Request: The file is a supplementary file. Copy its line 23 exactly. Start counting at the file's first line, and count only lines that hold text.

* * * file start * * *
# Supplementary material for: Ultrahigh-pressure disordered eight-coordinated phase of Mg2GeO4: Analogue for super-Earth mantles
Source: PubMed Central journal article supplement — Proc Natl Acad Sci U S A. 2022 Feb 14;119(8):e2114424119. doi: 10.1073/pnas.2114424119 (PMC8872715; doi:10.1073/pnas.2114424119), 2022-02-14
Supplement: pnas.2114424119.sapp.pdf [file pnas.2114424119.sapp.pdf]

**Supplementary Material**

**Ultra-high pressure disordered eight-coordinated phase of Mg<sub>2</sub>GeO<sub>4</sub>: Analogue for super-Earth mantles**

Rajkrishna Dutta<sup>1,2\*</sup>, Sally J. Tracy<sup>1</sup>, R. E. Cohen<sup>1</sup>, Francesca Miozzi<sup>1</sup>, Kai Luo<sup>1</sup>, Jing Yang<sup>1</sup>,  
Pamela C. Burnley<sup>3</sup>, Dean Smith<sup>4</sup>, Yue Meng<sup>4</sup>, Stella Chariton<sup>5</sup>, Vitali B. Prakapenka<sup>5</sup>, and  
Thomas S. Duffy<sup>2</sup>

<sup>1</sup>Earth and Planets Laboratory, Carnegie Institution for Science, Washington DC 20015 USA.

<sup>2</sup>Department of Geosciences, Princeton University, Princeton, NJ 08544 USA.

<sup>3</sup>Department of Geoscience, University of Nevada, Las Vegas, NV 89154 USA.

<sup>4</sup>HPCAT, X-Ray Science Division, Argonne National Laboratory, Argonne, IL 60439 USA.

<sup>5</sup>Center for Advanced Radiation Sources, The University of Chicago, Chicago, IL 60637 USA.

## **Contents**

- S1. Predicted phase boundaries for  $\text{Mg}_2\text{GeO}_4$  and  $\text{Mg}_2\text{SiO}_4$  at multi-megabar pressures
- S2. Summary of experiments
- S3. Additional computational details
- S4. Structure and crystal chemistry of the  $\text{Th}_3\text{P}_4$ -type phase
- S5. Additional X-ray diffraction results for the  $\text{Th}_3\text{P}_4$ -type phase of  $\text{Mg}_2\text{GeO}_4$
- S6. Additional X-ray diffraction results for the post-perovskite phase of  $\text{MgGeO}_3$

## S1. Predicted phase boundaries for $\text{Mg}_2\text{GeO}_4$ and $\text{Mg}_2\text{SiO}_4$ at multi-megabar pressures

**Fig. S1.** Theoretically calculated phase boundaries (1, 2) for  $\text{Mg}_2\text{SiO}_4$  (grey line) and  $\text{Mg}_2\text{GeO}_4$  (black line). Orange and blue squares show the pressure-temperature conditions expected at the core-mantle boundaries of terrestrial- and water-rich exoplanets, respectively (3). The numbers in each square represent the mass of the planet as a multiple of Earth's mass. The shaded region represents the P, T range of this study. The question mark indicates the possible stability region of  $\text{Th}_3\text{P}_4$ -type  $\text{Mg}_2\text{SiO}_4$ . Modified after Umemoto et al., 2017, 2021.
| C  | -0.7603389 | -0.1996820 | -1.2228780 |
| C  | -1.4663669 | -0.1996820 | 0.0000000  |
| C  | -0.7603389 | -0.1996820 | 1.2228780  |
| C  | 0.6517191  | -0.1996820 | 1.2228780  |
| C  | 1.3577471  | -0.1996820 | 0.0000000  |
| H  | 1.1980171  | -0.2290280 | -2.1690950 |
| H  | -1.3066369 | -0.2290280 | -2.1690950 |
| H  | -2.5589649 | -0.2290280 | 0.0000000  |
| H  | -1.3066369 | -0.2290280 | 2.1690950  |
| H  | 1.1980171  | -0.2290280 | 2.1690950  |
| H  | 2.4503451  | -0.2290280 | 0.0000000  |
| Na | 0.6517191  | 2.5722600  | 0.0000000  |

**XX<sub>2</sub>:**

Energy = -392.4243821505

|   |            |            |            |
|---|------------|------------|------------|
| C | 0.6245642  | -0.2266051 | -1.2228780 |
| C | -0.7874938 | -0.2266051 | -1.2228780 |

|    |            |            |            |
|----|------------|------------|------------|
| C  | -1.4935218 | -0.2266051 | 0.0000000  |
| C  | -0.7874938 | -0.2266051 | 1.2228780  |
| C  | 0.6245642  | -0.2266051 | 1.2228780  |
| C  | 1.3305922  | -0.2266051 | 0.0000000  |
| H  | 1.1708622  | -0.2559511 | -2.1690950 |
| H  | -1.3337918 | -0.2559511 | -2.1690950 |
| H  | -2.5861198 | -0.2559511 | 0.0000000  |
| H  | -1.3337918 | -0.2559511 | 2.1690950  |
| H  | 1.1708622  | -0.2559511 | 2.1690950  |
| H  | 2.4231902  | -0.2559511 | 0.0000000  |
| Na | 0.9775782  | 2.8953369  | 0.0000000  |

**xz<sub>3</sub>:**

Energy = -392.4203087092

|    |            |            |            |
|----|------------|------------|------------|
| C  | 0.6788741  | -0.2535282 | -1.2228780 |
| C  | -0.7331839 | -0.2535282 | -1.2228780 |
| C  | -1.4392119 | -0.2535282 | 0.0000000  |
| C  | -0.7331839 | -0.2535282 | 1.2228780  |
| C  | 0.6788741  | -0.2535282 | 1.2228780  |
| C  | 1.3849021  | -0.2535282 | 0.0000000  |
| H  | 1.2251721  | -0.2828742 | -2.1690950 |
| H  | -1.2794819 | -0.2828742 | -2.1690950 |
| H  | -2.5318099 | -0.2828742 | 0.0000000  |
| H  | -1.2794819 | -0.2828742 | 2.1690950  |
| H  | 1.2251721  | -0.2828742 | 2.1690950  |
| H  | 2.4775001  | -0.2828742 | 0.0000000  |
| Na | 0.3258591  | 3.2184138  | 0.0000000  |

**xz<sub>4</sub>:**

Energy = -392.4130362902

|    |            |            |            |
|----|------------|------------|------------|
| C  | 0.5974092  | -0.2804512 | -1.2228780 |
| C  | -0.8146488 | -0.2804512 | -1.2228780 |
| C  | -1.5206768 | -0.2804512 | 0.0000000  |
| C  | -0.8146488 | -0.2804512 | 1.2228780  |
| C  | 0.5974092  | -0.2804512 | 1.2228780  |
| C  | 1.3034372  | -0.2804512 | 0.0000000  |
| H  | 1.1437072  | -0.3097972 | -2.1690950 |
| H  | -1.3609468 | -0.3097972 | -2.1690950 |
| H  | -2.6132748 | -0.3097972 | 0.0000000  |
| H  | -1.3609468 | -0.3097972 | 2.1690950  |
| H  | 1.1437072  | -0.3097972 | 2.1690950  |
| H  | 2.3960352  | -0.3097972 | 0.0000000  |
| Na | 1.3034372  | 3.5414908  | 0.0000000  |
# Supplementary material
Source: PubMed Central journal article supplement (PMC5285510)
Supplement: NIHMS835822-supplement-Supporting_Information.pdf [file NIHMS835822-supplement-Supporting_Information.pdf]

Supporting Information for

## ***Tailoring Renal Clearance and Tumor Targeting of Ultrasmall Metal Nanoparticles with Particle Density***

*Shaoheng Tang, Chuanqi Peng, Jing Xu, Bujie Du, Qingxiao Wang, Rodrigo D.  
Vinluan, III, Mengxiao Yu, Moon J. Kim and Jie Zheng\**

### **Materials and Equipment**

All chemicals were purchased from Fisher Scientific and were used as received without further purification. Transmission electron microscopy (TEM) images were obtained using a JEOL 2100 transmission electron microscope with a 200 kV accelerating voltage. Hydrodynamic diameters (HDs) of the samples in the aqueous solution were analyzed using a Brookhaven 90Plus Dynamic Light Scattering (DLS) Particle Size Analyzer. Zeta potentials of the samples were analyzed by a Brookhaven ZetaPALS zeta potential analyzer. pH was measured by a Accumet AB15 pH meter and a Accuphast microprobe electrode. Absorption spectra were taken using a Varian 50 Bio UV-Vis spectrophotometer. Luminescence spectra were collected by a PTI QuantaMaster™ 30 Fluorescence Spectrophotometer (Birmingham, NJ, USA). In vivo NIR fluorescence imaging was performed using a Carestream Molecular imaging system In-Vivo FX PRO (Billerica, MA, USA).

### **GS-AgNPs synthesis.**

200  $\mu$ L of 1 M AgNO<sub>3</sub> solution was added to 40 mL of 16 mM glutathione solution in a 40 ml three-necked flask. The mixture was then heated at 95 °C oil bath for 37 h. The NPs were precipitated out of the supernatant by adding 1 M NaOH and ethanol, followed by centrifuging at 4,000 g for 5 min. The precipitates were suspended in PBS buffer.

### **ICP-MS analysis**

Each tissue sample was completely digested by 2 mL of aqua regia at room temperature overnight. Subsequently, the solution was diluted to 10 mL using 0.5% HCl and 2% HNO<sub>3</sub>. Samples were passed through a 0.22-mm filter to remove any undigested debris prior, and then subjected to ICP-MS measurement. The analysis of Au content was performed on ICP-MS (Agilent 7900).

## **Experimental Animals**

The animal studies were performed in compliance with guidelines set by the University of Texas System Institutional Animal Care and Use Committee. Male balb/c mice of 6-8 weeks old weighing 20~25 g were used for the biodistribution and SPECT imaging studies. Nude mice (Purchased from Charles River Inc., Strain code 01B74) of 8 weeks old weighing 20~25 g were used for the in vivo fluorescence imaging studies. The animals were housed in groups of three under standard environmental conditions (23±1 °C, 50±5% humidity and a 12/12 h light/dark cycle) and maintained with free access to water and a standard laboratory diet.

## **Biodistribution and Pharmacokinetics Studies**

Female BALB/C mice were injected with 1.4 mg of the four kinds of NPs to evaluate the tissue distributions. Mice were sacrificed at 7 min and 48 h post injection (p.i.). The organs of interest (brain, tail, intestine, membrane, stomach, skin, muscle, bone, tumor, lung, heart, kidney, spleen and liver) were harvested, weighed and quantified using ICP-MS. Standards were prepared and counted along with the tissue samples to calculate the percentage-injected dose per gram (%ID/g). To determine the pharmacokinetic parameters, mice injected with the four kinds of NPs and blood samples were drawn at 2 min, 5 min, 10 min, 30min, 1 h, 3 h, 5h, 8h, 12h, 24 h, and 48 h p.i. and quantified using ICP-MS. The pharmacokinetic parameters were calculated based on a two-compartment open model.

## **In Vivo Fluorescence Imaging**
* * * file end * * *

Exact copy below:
| C  | -0.7603389 | -0.1996820 | -1.2228780 |